• Cravings for fatty and/or sweet foods
  • Decreased desire for—and enjoyment of—various activities
  • Changes in libido

In such cases, Dr. Giordano explains, patients may be treated with antidepressant drugs, which can prolong the effect of available dopamine at its receptor sites, and in this way, amplify dopamine-mediated effects to reduce such signs and symptoms. 

If you suffer from a physical or mental health disorder as a result of a dopamine imbalance, treatment will depend on the disorder. If you’re suffering from certain symptoms, you’ll want to speak to your doctor about your lifestyle, diet, and medical history to determine the next best steps.

Natural Ways to Balance Dopamine Levels 

Dopamine levels are difficult to monitor since they occur in the brain, but there are ways to balance your dopamine levels without medication. The best way to balance your dopamine levels is to focus on healthy habits. 

If you’re over indulging in certain dopamine-producing activities like sex, technology, or gambling, then you’ll want to take intentional breaks, but if you’re having trouble concentrating, feeling unmotivated or tired, then you’ll want to increase your dopamine production. 

Consume Nutritious Foods

“The nutrients in certain foods travel to the brain and contribute to dopamine production,” says Peterson. Eating lots of fruits and vegetables, especially bananas, can increase dopamine production. 

Peterson also recommends protein, including lean meats, fish, beans, and plant-based protein, as well as foods rich in omega-3 fatty acids like salmon, mackerel, oysters, ground flaxseeds, chia seeds, and walnuts. 

Exercise Regularly 

Taking a short walk, practicing yoga, dancing in your kitchen, or doing an at-home workout can help produce healthy dopamine levels. Exercising also improves sleep habits, which also supports balanced dopamine levels. 

"Do any physical activity that you enjoy. Forcing yourself to do something you hate just for the sake of exercise may bring physical benefits, but for the full mental health benefit associated with dopamine in particular, choose movement that you find pleasurable," says Peterson.

Celebrate the Small Moments

“Doing something small that you enjoy and purposefully connecting that act to an accomplishment or something wonderful you notice tells your brain that something great is going on and that you’re driving it,” says Peterson.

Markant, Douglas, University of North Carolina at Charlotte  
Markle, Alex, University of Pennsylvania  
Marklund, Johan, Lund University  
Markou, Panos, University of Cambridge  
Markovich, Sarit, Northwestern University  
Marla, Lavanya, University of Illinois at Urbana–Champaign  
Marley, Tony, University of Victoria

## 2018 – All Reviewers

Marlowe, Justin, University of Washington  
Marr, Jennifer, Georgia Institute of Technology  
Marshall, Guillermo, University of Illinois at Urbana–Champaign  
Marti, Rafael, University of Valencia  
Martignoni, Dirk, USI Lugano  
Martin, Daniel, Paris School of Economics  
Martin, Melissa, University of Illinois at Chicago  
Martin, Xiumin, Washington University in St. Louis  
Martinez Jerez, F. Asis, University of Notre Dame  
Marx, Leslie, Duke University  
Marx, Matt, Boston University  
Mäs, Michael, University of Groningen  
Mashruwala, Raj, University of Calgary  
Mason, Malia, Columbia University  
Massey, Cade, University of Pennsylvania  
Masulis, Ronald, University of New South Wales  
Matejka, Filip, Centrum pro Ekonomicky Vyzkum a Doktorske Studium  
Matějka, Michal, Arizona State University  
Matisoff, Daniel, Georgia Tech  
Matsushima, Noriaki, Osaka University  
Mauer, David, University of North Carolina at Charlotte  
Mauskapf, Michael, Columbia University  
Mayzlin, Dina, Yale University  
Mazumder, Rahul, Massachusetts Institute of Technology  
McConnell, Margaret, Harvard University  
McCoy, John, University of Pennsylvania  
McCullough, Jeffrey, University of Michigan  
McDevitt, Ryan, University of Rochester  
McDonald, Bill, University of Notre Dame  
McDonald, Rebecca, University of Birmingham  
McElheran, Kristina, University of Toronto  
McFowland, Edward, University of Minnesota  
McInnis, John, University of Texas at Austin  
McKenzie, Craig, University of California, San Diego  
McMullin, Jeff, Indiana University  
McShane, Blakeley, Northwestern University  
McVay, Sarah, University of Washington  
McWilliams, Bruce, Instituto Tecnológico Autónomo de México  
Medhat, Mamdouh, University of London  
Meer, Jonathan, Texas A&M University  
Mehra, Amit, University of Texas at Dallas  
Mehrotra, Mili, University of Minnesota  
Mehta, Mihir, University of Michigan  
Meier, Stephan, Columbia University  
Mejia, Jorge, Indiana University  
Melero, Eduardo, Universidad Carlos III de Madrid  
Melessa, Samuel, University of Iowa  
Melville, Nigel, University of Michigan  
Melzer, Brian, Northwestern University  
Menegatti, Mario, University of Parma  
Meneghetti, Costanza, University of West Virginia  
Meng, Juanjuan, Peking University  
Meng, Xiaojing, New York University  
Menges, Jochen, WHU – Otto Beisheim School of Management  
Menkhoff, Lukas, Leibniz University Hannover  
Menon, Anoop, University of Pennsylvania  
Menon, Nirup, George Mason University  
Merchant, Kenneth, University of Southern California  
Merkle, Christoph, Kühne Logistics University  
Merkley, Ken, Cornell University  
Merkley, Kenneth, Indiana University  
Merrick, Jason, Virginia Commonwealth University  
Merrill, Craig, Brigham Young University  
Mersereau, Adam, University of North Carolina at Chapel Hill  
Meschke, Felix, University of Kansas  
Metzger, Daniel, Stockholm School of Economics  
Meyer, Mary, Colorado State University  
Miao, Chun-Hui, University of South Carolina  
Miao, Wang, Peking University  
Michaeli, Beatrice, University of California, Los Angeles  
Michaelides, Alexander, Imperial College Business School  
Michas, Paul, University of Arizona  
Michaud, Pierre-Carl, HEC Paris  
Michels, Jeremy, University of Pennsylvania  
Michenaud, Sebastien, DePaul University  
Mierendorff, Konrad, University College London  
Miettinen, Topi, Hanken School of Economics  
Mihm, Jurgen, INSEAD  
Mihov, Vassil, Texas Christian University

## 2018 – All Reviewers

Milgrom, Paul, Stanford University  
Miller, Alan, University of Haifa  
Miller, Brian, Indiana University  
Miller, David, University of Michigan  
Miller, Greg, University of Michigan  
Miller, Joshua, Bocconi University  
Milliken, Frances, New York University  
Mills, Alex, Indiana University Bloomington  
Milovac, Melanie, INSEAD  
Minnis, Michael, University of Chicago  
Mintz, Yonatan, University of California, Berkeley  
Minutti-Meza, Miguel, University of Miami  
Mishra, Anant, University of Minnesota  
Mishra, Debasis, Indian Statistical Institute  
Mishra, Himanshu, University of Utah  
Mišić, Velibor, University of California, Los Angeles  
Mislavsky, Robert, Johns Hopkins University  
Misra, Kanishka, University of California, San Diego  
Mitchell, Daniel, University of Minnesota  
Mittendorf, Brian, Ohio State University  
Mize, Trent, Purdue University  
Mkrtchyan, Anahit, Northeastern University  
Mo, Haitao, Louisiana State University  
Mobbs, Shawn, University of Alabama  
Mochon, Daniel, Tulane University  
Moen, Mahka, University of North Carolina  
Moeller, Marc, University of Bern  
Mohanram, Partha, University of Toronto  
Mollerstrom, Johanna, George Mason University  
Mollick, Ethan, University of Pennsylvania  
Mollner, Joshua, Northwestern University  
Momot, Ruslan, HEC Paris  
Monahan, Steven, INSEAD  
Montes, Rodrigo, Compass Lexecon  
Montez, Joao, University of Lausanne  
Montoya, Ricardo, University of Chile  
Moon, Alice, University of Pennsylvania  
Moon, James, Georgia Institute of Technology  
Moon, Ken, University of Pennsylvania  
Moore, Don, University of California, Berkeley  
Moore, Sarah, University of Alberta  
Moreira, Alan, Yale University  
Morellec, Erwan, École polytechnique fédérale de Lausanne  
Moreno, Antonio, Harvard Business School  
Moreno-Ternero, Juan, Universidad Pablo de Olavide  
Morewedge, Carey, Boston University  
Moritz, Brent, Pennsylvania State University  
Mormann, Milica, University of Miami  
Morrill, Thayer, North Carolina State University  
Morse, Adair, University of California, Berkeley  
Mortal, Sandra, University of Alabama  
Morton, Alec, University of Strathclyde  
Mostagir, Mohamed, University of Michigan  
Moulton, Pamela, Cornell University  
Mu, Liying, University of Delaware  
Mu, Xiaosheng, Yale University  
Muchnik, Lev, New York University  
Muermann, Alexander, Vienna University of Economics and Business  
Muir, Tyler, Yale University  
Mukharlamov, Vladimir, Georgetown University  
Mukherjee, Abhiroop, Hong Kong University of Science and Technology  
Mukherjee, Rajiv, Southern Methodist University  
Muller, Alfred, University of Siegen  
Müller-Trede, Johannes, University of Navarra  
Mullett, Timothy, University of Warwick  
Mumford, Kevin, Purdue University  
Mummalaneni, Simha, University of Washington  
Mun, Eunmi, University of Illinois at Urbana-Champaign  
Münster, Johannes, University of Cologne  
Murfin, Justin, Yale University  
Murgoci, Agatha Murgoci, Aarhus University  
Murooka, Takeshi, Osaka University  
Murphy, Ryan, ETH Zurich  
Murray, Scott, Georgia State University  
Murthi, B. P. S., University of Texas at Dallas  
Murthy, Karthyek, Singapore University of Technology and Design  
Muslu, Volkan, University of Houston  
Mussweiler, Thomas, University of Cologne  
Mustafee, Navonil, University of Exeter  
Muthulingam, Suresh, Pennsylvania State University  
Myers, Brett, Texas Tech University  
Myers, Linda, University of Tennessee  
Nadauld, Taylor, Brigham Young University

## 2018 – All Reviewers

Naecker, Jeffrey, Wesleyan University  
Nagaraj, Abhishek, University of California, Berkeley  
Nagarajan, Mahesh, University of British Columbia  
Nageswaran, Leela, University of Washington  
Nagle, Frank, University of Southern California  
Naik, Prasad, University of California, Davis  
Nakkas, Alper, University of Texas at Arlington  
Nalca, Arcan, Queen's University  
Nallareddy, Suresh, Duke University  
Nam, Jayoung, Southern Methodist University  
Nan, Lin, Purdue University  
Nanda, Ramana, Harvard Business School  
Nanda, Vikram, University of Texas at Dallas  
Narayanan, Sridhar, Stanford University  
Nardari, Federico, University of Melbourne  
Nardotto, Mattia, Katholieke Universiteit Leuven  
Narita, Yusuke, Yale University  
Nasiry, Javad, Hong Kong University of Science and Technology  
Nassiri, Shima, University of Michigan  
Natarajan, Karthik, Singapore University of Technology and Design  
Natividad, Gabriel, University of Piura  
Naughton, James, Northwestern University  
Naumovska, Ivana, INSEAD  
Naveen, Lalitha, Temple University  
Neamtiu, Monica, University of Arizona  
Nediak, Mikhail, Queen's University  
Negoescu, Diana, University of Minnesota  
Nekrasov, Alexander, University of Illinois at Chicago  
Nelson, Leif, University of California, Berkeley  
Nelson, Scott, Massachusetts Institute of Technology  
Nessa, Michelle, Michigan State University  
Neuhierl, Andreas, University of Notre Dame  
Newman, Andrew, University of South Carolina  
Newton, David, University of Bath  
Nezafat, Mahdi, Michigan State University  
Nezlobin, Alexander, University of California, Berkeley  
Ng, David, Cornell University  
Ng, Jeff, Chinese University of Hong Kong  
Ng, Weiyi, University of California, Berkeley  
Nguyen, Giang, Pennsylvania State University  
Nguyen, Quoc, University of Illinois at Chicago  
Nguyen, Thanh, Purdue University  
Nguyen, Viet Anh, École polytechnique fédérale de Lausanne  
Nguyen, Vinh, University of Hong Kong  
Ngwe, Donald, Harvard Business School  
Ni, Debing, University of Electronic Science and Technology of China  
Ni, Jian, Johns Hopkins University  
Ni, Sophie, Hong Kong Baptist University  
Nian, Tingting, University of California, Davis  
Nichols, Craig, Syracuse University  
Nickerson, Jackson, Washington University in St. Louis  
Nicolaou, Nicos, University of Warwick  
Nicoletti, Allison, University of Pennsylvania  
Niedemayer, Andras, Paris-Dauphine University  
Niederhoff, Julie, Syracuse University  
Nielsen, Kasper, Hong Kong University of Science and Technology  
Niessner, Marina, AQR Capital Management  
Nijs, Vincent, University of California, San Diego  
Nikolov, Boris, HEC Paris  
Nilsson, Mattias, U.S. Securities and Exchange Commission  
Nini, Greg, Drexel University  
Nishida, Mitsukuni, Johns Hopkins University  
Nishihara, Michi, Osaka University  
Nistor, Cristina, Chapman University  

This could include something as simple as noticing flowers in the garden, listening to your favorite song, smelling coffee beans, or blowing bubbles. This will kick up dopamine production, Peterson explains, and you’ll get a mental health boost that lasts. 

A Word From Verywell

If you’re concerned about your dopamine levels, speak to your primary care doctor. Because dopamine plays such an integral role in the body and brain, it’s important to address the imbalance. Just know that many people experience imbalanced dopamine levels, but these can be easily adjusted.

7 Sources
Verywell Mind uses only high-quality sources, including peer-reviewed studies, to support the facts within our articles. Read our editorial process to learn more about how we fact-check and keep our content accurate, reliable, and trustworthy.
  1. Shohamy D, Adcock RA. Dopamine and adaptive memoryTrends Cogn Sci. 2010;14(10):464-472.

  2. Paravati S, Rosani A, Warrington SJ. Physiology, catecholamines. In: StatPearls. StatPearls Publishing; 2021.

  3. Juárez Olguín H, Calderón Guzmán D, Hernández García E, Barragán Mejía G. The role of dopamine and its dysfunction as a consequence of oxidative stress. Oxidative Medicine and Cellular Longevity. 2016;2016:1-13.

  4. Volkow ND, Wang G-J, Kollins SH, et al. Evaluating dopamine reward pathway in adhd: clinical implicationsJAMA. 2009;302(10):1084-1091.

  5. Juárez Olguín H, Calderón Guzmán D, Hernández García E, Barragán Mejía G. The role of dopamine and its dysfunction as a consequence of oxidative stressOxid Med Cell Longev. 2016;2016.

  6. Volkow ND, Fowler JS, Wang G-J, Swanson JM, Telang F. Dopamine in drug abuse and addiction: results of imaging studies and treatment implicationsArchives of Neurology. 2007;64(11):1575-1579.

  7. Belujon P, Grace AA. Dopamine system dysregulation in major depressive disordersInt J Neuropsychopharmacol. 2017;20(12):1036-1046.

By Sarah Sheppard
Sarah Sheppard is a writer, editor, ghostwriter, writing instructor, and advocate for mental health, women's issues, and more.